Physician feedback is typically sporadic after residency training is completed. The literature suggests that feedback given in letter form or only for poor performance is ineffective in changing physician behavior and can lead to job dissatisfaction.


To implement a feedback paradigm that engages and motivates physicians with the goal of affecting future performance.


Individualized feedback sessions were conducted at a large, urban academic medical center between hospitalists and the program director to discuss performance. Metrics were chosen based on organizational and departmental goals including length of stay, billing/coding practices, productivity, primary care provider communication, and teaching evaluations. Physicians were compared with peers through deidentified graphs. Provider charts were also reviewed for Joint Commission compliance and audited for individual clinical practice patterns. Each hospitalist had an opportunity to discuss personal goals and share his or her own feedback. Before the session concluded, each hospitalist determined targeted areas of improvement, and a “contract” between the physician and program director was signed. After all meetings were complete, the physicians were sent an anonymous survey in order to assess their perceptions of the process and utility of this feedback paradigm. The results showed that 18 of the 19 physicians who took part in the sessions completed a survey regarding their perception of the meeting. Physicians had from 1 to 11 years of hospitalist experience and included institutional leaders in patient safety and academic medicine who are also part of the hospitalist group. Responses were universally positive, regardless of individual performance, years of experience, or role in the institution. One hundred percent of respondents reported a better understanding of evaluation metrics after the completion of the session. Seventy‐two percent described the session as “useful” and ranked billing/coding feedback among the most valuable. All respondents reported that comparison with their peers was either a “helpful” or “motivational” form of evaluation. Seventy‐two percent said the session would likely impact future performance. The majority of physicians reported that signing a contract would help them focus on targeted improvement areas. One hundred percent of respondents reported feeling “engaged” or “fully engaged” with the hospitalist group.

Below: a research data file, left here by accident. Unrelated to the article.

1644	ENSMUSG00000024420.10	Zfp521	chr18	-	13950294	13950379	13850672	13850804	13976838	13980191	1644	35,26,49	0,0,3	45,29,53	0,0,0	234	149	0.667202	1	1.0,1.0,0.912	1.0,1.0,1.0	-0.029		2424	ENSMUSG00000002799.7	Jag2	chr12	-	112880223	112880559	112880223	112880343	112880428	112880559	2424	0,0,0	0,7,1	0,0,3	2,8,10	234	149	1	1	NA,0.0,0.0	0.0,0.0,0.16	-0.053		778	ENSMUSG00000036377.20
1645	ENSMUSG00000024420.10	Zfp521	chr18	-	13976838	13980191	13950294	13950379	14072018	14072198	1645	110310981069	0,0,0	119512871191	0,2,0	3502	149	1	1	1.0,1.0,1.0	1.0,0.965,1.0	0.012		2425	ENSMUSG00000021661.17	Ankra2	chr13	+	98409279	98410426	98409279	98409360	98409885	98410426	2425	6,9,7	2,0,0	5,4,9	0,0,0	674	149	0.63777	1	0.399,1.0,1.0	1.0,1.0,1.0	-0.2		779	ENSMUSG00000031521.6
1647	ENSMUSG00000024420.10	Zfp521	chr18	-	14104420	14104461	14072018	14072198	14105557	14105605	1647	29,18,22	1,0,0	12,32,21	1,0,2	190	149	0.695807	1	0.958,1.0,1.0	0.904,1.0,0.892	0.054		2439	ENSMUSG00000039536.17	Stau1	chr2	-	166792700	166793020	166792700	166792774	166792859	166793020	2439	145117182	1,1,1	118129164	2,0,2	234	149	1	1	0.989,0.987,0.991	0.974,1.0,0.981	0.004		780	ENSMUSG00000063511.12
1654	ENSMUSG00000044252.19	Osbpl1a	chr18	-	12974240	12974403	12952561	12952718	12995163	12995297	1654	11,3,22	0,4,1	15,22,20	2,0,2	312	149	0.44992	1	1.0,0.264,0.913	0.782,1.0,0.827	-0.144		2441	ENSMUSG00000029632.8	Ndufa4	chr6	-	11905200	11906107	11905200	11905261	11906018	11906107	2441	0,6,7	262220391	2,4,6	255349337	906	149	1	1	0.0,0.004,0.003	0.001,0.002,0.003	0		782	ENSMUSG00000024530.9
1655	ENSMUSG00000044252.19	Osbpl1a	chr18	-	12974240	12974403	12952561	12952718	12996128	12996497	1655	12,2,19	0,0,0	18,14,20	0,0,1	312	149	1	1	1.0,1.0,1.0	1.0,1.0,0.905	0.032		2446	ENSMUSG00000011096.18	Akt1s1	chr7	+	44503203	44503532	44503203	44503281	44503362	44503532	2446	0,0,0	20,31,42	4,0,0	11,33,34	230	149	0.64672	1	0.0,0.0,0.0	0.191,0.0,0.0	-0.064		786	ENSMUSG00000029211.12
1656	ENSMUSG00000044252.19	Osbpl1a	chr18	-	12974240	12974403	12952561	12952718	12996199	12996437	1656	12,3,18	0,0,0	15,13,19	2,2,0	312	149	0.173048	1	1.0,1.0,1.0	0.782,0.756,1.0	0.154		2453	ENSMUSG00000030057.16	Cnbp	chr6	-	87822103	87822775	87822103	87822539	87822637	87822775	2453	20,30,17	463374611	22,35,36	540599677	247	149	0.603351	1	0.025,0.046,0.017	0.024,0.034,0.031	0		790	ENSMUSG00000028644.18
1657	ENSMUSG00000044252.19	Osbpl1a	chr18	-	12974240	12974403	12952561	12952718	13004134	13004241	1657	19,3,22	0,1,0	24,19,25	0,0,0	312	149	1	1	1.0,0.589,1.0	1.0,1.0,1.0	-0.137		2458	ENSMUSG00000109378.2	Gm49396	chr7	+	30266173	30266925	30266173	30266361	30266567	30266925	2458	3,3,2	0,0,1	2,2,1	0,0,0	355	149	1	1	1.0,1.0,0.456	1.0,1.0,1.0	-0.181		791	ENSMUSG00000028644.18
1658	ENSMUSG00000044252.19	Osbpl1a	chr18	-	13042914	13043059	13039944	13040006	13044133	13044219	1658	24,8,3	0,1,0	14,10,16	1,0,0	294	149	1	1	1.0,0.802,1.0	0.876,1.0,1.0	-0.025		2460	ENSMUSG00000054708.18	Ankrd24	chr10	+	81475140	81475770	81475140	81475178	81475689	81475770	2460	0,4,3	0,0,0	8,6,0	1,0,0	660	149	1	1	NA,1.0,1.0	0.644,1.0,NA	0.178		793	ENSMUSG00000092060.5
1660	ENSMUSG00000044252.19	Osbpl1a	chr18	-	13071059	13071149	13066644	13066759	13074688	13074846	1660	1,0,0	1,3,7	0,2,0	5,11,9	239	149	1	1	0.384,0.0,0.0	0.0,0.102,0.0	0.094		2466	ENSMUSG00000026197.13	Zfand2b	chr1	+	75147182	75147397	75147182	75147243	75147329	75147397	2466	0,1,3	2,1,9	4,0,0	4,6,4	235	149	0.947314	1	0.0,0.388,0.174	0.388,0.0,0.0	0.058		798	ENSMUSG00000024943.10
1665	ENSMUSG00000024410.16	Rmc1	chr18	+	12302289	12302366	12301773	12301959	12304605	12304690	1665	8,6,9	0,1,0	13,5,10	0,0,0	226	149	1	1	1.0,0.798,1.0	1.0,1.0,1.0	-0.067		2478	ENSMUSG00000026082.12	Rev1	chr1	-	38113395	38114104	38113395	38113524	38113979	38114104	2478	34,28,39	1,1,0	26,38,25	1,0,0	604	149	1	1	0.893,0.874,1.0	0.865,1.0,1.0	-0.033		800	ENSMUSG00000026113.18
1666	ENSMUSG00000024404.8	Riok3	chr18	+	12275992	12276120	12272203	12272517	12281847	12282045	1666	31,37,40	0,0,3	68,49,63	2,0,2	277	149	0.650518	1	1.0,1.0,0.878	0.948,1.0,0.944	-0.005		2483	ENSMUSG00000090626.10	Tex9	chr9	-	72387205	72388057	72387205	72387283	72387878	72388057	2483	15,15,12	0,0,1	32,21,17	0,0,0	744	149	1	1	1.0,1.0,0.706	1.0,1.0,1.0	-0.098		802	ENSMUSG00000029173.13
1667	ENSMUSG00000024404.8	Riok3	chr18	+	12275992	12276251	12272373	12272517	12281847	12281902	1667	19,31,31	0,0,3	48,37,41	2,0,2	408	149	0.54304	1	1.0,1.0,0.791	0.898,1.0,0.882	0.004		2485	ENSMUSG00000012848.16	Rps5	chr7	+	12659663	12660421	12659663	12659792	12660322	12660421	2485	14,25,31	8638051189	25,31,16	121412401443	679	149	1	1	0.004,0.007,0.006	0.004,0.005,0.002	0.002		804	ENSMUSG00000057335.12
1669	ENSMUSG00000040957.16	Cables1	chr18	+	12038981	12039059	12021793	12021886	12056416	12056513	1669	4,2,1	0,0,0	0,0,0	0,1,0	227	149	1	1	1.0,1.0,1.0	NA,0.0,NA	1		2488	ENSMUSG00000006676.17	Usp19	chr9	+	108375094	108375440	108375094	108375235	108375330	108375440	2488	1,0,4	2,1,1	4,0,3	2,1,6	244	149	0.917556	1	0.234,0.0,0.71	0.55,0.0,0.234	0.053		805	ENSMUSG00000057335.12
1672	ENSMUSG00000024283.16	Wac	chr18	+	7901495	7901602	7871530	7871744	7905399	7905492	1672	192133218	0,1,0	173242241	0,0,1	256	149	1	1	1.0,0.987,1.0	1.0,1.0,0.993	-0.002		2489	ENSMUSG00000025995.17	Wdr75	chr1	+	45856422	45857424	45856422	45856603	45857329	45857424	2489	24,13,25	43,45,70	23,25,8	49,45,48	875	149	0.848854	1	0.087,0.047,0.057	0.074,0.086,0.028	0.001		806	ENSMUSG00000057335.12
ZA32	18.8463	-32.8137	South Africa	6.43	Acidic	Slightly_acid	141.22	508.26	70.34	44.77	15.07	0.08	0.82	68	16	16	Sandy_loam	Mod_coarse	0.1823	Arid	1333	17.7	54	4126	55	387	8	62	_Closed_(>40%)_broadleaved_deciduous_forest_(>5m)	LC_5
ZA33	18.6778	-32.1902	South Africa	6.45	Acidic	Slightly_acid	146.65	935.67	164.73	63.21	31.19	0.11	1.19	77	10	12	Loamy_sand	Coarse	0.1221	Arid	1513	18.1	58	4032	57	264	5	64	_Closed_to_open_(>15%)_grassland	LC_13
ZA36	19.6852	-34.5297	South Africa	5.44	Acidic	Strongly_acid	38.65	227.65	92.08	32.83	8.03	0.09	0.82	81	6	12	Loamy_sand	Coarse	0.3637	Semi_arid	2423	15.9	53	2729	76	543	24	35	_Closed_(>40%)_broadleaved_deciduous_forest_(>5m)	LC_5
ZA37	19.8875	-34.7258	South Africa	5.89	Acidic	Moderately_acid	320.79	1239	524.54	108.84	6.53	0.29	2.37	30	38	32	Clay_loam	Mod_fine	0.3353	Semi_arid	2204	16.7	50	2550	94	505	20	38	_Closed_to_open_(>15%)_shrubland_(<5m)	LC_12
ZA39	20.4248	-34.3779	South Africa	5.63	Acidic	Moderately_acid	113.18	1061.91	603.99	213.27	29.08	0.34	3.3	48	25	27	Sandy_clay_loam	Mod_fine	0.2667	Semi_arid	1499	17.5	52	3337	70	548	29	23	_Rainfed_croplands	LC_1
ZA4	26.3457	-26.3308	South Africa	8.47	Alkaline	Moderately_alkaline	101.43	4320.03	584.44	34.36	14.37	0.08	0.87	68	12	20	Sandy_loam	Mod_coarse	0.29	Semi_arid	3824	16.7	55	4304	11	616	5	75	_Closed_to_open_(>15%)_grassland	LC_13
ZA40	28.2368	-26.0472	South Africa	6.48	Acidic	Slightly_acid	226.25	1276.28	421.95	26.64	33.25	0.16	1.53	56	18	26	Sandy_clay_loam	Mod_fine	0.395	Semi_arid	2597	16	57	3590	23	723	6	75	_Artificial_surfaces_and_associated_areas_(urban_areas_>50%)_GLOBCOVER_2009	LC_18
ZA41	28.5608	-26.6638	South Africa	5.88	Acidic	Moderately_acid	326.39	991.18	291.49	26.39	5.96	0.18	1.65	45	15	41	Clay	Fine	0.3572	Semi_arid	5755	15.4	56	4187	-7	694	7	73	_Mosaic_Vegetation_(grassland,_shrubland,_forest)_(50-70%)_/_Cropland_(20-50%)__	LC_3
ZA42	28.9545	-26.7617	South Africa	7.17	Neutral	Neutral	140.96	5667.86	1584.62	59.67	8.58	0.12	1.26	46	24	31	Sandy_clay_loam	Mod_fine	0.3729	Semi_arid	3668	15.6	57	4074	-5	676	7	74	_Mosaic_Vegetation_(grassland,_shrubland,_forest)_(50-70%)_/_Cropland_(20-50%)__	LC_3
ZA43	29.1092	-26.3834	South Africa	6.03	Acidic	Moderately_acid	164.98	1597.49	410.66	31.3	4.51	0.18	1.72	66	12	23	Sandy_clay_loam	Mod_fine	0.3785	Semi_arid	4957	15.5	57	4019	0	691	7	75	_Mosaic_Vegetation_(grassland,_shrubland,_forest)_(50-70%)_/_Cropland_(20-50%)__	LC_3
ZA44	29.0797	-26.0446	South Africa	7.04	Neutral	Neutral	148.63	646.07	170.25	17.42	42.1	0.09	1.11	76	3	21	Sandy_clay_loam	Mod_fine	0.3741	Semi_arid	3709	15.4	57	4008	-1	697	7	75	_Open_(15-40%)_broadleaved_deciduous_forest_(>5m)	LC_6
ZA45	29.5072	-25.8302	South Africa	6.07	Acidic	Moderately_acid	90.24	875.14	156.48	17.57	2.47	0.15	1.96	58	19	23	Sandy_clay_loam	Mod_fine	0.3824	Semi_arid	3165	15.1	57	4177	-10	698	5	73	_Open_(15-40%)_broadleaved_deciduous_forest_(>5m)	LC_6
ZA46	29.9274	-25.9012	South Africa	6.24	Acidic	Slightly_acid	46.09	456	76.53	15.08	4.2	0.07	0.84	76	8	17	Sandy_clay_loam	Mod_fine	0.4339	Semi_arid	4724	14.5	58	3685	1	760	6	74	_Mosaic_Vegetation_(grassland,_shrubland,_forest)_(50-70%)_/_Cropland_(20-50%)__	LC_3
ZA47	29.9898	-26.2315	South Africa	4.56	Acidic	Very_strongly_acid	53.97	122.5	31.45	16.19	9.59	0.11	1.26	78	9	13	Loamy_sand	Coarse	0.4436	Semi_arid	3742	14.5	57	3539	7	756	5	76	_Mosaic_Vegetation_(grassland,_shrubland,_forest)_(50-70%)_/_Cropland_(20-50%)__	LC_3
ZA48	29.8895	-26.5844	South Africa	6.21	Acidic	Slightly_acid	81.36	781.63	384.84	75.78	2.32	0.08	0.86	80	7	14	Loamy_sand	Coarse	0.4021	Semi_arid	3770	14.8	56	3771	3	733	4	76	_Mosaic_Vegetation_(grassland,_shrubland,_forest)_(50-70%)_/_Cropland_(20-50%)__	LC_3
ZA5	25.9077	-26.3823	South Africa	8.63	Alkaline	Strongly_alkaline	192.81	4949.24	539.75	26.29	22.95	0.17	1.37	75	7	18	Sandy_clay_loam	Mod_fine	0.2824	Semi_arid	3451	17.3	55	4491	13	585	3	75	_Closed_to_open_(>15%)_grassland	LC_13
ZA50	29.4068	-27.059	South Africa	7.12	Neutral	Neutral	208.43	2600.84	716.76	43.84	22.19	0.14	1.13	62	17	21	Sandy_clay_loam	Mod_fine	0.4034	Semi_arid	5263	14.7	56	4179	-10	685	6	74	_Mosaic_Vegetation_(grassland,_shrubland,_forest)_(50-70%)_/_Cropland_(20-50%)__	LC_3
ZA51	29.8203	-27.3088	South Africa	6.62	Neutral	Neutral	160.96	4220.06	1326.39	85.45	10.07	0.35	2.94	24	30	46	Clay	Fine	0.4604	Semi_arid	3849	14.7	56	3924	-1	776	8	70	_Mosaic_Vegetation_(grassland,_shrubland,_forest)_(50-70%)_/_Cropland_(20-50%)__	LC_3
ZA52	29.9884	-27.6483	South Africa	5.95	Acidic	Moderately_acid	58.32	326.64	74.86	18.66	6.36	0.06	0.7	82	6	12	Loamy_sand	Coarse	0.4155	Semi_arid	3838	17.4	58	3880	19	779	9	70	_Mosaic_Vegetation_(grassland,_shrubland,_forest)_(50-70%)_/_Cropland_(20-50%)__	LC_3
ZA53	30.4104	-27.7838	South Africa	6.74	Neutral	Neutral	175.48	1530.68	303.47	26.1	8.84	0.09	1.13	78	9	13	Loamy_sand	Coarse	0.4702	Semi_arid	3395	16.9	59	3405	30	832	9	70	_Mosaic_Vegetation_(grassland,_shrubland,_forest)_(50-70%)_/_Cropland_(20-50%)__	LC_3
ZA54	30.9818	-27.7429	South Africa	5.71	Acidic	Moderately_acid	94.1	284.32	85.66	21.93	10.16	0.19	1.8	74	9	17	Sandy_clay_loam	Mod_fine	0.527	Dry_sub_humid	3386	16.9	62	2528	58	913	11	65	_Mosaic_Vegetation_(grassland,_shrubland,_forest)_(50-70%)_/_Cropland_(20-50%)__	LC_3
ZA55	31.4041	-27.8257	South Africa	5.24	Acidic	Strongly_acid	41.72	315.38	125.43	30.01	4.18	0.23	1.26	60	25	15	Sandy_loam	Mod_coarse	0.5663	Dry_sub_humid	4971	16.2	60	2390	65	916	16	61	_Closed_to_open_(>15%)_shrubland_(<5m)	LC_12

Feedback is critical and likely underutilized in hospitalist groups. Providing face‐to‐face feedback from respected leadership enables physicians to understand their own performance and its impact. It allows the leadership to formalize expectations and gives an opportunity for education and recognition. It allows opinions to be heard and dealt with directly, which can improve satisfaction. Feedback sessions done in this manner were universally well received and believed to have value in motivating positive change. This model is transportable to other groups and will be further developed at our institution.


D. Rizk ‐ none; A. Nussbaum ‐ none